Is Our Online Digital Media Safe?

I hear ya… You want to know who Mari is. I’ll have a proper intro up in the next day or so. Stay tuned! -DZ

youtube.gifSeveral news organizations are reporting that YouTube has wiped nearly 30,000 videos from its site after a Japanese audit fingered the clips for copyright infringement. Aside from the rights management concerns, this brings up an interesting issue for those who upload and store content on remote servers: When content isn’t stored locally, it isn’t under your control…

In this case it may have been perfectly reasonable for YouTube to remove 30,000 files, but these situations won’t always be black and white. There’s a growing trend towards moving our content off local devices — online word processing applications, photo storage sites, even under-development Network DVRs. While remote storage has its benefits, there are also disadvantages that shouldn’t be ignored. The ability for providers to delete files at will is one of them.

Suppose a service provider deletes files because your account has been inactive. Or suppose a provider deletes files that it decides may be harmful to others. Companies are well within their rights not to publish certain user-generated content, but most material won’t be caught until after it’s uploaded. In those cases, is a provider obligated to notify the user when removing content and return a copy of the file for local storage? For example, Flickr’s Terms of Service state Yahoo has “the right to remove any Content that violates the TOS or is otherwise objectionable.” Who defines objectionable and will I be notified before they eradicate my photographs?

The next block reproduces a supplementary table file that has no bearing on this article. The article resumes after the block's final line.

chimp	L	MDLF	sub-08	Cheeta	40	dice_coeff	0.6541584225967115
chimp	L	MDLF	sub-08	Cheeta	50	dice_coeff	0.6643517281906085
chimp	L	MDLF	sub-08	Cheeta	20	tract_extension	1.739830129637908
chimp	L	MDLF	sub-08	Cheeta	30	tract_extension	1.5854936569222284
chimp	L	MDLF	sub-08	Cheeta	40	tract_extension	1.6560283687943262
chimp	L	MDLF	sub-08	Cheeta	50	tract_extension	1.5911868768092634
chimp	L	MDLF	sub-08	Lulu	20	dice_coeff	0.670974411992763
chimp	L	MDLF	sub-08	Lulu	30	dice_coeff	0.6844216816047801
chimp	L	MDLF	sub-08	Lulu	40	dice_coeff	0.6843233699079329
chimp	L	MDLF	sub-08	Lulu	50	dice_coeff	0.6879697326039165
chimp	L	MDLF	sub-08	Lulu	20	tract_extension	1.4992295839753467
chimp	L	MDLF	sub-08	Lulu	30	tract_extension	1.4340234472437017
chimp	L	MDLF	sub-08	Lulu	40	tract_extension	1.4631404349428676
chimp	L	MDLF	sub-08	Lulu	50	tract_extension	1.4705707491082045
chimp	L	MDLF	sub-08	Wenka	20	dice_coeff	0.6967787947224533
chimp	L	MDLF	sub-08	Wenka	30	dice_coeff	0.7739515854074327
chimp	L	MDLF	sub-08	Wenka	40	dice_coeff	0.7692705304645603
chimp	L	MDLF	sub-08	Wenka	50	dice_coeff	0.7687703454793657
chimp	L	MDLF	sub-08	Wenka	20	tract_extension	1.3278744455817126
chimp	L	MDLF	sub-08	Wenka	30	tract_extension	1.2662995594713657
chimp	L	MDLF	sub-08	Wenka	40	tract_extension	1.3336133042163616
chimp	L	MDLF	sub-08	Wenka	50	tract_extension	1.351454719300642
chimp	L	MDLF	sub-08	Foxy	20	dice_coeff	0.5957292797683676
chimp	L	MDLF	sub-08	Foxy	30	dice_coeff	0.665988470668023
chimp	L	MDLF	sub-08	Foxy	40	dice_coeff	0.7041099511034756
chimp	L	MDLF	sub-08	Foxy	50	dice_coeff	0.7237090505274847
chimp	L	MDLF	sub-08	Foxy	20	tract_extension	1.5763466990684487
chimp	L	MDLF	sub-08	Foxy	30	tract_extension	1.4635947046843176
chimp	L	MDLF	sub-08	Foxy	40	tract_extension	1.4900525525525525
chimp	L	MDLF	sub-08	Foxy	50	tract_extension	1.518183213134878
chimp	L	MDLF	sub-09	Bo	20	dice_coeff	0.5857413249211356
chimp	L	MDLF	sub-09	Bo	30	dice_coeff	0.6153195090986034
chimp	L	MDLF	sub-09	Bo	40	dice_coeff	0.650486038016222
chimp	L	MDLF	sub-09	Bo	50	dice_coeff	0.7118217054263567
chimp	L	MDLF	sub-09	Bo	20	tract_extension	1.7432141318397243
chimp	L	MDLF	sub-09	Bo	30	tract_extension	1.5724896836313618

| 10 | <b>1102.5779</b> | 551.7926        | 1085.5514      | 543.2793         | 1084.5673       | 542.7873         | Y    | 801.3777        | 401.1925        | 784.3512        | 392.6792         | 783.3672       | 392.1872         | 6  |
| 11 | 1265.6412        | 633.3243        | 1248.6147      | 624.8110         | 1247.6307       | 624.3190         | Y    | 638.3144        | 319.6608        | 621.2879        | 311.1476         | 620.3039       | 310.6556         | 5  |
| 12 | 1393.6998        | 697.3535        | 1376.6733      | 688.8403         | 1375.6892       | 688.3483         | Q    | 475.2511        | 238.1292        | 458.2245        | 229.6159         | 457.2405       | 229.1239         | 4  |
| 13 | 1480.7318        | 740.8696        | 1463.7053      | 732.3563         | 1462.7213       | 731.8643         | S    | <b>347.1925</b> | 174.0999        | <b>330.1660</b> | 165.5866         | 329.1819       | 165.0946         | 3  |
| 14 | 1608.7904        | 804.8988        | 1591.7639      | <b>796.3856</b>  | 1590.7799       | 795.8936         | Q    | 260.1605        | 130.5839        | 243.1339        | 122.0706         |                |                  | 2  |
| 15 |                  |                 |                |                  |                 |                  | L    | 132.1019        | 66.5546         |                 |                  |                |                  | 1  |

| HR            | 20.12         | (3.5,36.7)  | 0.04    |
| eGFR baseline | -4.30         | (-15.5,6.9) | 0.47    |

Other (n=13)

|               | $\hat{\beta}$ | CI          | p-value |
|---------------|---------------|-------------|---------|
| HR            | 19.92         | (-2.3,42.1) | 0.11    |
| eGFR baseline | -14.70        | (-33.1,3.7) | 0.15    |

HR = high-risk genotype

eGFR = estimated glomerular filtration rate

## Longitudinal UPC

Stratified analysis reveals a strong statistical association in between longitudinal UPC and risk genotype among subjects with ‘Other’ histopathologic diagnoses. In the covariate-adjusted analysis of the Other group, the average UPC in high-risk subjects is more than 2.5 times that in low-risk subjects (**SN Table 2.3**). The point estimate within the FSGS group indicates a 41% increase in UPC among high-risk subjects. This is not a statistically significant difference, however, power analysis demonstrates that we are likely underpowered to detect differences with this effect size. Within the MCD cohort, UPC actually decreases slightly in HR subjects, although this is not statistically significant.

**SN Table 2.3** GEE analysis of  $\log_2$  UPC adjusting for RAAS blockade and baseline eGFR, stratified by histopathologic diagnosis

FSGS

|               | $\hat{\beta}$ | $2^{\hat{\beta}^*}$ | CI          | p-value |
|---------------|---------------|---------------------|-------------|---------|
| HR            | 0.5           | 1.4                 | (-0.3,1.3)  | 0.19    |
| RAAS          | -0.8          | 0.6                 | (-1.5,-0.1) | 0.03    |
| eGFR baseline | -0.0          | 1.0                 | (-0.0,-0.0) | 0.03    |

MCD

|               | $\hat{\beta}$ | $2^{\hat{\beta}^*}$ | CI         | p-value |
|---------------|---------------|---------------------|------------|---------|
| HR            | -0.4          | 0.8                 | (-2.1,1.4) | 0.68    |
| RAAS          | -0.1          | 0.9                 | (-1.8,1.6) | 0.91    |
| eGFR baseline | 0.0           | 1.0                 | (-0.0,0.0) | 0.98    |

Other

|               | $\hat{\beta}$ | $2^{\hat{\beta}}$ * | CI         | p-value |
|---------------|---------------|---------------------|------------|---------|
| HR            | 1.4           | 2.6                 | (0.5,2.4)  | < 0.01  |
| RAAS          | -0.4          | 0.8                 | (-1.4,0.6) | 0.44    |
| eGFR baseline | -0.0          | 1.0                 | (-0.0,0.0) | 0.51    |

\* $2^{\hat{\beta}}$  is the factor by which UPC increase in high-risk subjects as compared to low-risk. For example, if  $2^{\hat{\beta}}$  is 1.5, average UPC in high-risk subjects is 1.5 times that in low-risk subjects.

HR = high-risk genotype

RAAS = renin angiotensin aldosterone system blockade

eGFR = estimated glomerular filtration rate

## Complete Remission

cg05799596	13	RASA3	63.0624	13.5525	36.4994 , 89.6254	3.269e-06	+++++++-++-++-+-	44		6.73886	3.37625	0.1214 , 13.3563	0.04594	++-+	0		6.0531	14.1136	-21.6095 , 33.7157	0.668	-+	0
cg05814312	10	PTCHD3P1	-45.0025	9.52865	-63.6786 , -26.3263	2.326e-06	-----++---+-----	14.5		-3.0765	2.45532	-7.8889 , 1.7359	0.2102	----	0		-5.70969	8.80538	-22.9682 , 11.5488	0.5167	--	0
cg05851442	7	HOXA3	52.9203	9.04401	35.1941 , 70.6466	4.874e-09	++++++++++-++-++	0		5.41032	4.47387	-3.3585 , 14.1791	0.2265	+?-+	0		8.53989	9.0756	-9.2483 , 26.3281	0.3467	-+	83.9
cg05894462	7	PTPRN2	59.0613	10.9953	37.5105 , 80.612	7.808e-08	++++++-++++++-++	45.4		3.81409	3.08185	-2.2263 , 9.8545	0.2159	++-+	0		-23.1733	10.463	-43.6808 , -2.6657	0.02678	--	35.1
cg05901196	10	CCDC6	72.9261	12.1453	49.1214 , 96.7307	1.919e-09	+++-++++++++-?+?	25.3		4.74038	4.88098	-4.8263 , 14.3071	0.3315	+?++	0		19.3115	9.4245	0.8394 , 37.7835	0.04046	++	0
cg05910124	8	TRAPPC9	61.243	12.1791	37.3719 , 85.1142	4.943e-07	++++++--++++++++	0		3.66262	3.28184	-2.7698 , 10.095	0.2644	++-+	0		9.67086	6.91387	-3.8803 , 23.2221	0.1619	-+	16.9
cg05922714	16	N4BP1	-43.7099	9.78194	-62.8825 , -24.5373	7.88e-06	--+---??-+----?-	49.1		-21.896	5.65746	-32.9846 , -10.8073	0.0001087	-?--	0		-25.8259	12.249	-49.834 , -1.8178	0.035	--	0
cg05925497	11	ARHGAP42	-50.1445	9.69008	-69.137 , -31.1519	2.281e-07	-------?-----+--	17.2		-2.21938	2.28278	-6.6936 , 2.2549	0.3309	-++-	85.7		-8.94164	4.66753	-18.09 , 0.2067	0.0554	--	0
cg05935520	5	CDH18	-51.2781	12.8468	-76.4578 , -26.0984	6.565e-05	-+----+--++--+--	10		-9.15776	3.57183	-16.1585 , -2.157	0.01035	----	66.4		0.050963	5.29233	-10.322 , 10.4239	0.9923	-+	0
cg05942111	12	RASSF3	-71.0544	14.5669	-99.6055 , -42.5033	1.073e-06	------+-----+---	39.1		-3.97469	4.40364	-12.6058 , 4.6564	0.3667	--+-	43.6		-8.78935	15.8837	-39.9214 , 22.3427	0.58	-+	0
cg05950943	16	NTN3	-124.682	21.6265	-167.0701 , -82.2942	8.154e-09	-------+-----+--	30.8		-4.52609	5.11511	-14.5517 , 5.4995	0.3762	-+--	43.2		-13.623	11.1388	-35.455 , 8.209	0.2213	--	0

7 thoughts on “Is Our Online Digital Media Safe?”

  1. I treat YouTube and Flickr and other similar services as SHARING services, not storage services. They are a place for me to show my content to others. If I lose my hard drive and I can download a photo from Flickr that I have no other copy of, great, but I consider it my responsibility to keep my content stored somewhere safe.

  2. That’s why the two should be seperate. A storage site that doesn’t make files public is far less likely to ever draw attention unless there is an extraordinary amount of copyrighted material stored by the individual, and even then there’s probably going to have to be a “lead” somewhere else that brings attention to the storehouse.

    Just don’t store that second set of books on ;)

  3. Remember how much you are paying for the Youtube service, too. The storage services are in the business of protecting the data. Most of them charge a fee if you want enough to actually back up your stuff. Youtube, MySpace, et al are about protecting there tenuous business models.

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